Our study findings indicate that informal caregivers of LC and CRC patients face significant time costs and work lost. The average total economic burden for informal caregivers, $14,000 accumulated over 1 year, on average, is equivalent to 4 or 5 months of an average worker's annual gross salary . Considering the time commitment reported across the different groups, it is important to consider that, although the accumulated costs are higher for the group of continuing care caregivers, who had been providing care the longest, the immediate and short-term economic costs of caregiving are likely highest among terminal cancer caregivers, who averaged 25 hours per week of caregiving, versus 15 hours per week for initial and continuing care caregivers (Table 3). Thus, the economic burden experienced by cancer caregivers should be included in estimates of the cost of cancer care and cost-effectiveness analyses (CEAs) on cancer care across the full spectrum of a cancer caregiving episode, and especially in the terminal phase of caregiving. In any CEA, the researcher needs to decide a priori how to value a caregiver's time: at the opportunity cost of her time, like we did in this study, because it more accurately reflects the full economic cost of caregiving to the caregiver, or at a lower rate, such as the replacement cost of her time (e.g., at a typical home health aide wage rate), which may be more useful when considering policy options that would reimburse informal caregivers at going market rates. CEA researchers could also perform sensitivity analyses on the ideal quantity of informal care received, if there is evidence that the amount of care provided is below the amount indicated clinically because of time or economic constraints faced by the informal caregiver.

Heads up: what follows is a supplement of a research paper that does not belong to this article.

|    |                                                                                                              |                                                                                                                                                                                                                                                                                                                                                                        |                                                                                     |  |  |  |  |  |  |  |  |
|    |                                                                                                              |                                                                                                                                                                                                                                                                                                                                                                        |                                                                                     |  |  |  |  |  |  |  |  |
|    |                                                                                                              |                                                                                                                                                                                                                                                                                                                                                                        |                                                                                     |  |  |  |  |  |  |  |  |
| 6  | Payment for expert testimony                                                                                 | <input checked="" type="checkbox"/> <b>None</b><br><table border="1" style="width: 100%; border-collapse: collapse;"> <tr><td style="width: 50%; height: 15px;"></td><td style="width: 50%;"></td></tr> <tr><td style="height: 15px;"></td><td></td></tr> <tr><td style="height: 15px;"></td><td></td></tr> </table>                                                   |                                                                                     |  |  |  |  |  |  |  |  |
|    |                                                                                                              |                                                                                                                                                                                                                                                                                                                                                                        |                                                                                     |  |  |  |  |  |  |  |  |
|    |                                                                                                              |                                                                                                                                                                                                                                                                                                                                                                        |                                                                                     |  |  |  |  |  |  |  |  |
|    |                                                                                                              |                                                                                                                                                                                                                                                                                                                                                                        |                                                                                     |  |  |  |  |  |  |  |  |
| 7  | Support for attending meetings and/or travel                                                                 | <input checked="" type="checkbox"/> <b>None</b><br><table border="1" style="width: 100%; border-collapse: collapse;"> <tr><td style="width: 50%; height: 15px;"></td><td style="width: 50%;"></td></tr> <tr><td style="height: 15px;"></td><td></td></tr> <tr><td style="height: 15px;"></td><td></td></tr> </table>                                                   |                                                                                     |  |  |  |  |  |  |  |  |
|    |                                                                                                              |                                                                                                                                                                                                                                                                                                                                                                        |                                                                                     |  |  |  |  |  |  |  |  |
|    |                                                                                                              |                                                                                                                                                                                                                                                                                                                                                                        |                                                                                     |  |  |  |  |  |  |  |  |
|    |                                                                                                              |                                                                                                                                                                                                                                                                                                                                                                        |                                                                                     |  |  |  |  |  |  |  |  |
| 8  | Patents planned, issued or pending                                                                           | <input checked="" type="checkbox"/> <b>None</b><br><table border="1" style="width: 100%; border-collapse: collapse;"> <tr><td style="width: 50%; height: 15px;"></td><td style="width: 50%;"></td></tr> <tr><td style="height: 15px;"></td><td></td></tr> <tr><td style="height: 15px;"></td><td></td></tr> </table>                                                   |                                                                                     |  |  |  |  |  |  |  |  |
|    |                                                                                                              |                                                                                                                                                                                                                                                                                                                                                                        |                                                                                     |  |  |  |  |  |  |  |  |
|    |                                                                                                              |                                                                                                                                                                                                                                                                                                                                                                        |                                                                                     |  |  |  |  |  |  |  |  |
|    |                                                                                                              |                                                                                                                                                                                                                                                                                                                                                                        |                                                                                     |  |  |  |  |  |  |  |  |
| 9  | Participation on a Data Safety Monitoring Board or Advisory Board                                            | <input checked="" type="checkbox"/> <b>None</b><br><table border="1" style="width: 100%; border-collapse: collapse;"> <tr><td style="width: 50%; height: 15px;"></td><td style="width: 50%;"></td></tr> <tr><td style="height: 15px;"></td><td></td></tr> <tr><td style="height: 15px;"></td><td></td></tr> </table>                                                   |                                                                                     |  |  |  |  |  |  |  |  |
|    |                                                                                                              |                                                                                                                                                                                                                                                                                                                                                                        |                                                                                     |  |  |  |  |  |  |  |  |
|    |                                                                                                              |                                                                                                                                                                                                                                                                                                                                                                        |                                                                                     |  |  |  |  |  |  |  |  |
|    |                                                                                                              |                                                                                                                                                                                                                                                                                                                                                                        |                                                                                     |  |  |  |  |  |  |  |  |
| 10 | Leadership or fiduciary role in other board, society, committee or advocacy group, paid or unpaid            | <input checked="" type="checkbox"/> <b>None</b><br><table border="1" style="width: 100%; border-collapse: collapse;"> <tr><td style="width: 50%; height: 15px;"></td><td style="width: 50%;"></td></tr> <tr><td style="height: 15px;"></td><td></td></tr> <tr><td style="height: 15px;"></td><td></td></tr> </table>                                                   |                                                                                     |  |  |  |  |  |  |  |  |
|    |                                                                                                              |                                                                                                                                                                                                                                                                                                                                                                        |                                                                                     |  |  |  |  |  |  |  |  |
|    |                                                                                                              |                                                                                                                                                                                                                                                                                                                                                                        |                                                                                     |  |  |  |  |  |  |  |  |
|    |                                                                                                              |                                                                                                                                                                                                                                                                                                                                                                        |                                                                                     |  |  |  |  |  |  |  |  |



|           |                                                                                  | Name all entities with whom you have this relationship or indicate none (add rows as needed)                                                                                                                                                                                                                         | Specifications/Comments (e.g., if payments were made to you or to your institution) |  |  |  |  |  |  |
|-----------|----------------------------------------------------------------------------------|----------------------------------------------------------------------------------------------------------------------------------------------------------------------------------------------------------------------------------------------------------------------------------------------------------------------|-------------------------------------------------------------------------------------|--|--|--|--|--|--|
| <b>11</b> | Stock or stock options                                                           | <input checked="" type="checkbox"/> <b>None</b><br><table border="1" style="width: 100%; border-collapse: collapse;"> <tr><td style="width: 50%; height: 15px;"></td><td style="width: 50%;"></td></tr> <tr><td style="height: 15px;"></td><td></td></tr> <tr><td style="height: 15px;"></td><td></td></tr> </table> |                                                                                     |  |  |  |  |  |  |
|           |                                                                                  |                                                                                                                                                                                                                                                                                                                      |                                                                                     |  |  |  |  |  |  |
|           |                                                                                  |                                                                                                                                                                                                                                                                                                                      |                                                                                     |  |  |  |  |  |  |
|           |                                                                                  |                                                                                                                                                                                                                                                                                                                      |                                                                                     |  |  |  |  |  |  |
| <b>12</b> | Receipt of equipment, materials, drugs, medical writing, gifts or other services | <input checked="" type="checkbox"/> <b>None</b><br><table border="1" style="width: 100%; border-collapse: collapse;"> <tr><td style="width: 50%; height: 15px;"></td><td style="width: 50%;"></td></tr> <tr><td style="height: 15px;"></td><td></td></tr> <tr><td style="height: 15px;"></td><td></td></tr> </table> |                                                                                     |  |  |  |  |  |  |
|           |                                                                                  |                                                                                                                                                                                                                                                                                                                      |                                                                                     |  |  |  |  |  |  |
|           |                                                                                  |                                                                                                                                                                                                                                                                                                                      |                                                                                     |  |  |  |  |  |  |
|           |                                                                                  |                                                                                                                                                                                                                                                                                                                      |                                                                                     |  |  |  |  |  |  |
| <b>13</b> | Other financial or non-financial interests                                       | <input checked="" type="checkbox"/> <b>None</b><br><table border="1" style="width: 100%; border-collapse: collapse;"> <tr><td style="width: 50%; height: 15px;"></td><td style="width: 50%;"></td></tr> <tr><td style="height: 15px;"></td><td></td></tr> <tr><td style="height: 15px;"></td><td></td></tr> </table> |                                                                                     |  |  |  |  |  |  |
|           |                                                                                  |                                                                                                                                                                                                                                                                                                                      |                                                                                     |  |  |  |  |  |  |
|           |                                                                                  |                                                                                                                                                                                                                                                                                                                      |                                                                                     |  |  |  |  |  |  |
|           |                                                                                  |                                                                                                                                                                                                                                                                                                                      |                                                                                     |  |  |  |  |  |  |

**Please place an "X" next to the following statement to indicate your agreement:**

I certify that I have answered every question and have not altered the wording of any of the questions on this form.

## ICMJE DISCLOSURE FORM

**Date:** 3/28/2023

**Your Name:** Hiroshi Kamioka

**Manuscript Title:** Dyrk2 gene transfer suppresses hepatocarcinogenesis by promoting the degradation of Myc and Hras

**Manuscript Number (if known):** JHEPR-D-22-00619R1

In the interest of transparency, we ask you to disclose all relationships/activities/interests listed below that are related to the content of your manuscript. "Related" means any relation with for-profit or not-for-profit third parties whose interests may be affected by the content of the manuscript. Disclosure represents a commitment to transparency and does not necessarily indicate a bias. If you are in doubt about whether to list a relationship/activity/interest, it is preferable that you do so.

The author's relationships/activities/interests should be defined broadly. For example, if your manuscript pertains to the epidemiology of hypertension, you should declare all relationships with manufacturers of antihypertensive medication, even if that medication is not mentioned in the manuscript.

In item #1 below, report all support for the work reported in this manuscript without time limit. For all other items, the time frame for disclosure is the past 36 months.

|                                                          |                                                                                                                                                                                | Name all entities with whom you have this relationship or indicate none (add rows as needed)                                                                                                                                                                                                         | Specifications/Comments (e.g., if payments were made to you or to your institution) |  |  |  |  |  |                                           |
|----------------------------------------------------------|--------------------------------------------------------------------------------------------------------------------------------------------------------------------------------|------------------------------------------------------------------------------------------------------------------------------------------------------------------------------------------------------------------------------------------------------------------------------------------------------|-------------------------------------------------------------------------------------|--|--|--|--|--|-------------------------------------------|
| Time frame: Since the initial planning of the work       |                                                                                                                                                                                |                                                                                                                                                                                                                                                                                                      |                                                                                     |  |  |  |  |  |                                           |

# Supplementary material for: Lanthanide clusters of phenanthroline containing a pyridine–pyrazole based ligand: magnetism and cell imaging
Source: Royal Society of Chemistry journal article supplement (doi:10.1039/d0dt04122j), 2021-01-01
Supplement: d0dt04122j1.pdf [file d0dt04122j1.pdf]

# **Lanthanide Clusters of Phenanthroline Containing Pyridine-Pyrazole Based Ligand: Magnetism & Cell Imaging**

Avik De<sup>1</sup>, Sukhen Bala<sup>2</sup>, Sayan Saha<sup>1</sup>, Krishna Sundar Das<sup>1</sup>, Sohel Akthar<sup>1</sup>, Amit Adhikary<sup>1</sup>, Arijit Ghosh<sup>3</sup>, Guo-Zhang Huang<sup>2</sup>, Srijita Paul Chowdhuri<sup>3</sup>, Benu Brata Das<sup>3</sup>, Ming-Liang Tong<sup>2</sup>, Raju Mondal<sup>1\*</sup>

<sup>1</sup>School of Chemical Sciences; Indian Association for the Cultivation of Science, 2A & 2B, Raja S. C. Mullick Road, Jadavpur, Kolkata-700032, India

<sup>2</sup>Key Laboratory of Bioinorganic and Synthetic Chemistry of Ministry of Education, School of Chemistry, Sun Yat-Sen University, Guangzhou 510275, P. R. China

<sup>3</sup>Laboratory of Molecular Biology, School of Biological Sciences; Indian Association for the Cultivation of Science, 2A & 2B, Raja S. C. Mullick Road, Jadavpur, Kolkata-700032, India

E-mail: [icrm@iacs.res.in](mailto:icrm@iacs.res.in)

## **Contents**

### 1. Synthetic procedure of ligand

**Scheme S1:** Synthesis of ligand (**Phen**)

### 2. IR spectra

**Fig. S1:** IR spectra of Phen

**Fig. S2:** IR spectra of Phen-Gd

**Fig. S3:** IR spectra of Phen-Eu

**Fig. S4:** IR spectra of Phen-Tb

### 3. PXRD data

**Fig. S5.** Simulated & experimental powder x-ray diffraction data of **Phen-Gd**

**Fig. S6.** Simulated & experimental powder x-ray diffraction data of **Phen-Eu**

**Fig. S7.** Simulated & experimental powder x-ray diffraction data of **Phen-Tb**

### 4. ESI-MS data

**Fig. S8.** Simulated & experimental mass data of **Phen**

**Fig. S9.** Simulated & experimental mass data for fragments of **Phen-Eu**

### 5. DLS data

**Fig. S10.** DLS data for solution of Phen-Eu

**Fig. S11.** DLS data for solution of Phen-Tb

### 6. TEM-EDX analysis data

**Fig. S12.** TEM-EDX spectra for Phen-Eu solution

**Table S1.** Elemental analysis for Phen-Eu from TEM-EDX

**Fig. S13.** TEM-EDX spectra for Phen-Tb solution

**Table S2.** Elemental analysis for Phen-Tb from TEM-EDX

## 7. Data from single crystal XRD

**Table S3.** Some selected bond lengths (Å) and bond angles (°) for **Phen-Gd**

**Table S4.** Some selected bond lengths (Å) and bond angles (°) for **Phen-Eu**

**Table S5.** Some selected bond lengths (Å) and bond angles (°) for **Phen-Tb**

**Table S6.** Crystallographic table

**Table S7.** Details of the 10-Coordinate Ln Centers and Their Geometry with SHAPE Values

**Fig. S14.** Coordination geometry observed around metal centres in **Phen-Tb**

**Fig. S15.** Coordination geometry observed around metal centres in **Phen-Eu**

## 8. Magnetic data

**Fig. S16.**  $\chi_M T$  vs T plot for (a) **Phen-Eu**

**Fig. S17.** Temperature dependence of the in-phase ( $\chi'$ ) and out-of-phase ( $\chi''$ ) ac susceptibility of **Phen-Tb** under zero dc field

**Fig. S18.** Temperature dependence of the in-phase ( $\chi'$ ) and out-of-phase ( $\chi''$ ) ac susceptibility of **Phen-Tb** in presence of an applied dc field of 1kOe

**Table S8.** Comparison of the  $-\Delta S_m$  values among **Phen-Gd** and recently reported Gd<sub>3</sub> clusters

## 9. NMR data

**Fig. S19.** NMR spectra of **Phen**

In addition, focusing future research and/or interventions on informal caregivers of cancer patients with a higher economic burden, as identified in the present study, spousal caregivers and employed caregivers in particular, may help to guide our efforts to reduce the associated negative health and economic outcomes among at-risk informal caregivers.
Deborah Finstad, Sean Phelan, and Michelle Sotak provided able programming and research assistance. Bob Fletcher, Joan Griffin, David Harrington, Haiden Huskamp, Michelle Martin, David Nerenz, Sara Sanders, and Jane Weeks provided very helpful comments. The views expressed represent those of the authors and not those of the National Cancer Institute, National Institutes of Health. All mistakes remain the authors' responsibility.
This work was funded by the National Cancer Institute (U01 CA93324, U01 CA93326, U01 CA93329, U01 CA93332, U01 CA93339, U01 CA93344, and U01 CA93348) and the Department of Veterans Affairs (CRS 02–164). Courtney Van Houtven was supported by the VA Health Services Research and Development Merit Review Program (MRP 05–311).
Conception/Design: Courtney Harold Van Houtven, Scott D. Ramsey, Mark C. Hornbrook, Audie A. Atienza, Michelle van Ryn
Provision of study material or patients: Mark C. Hornbrook, Michelle van Ryn
Collection and/or assembly of data: Mark C. Hornbrook, Michelle van Ryn
Data analysis and interpretation: Courtney Harold Van Houtven, Scott D. Ramsey, Michelle van Ryn
Manuscript writing: Courtney Harold Van Houtven, Audie A. Atienza
Final approval of manuscript: Courtney Harold Van Houtven, Scott D. Ramsey, Mark C. Hornbrook, Audie A. Atienza, Michelle van Ryn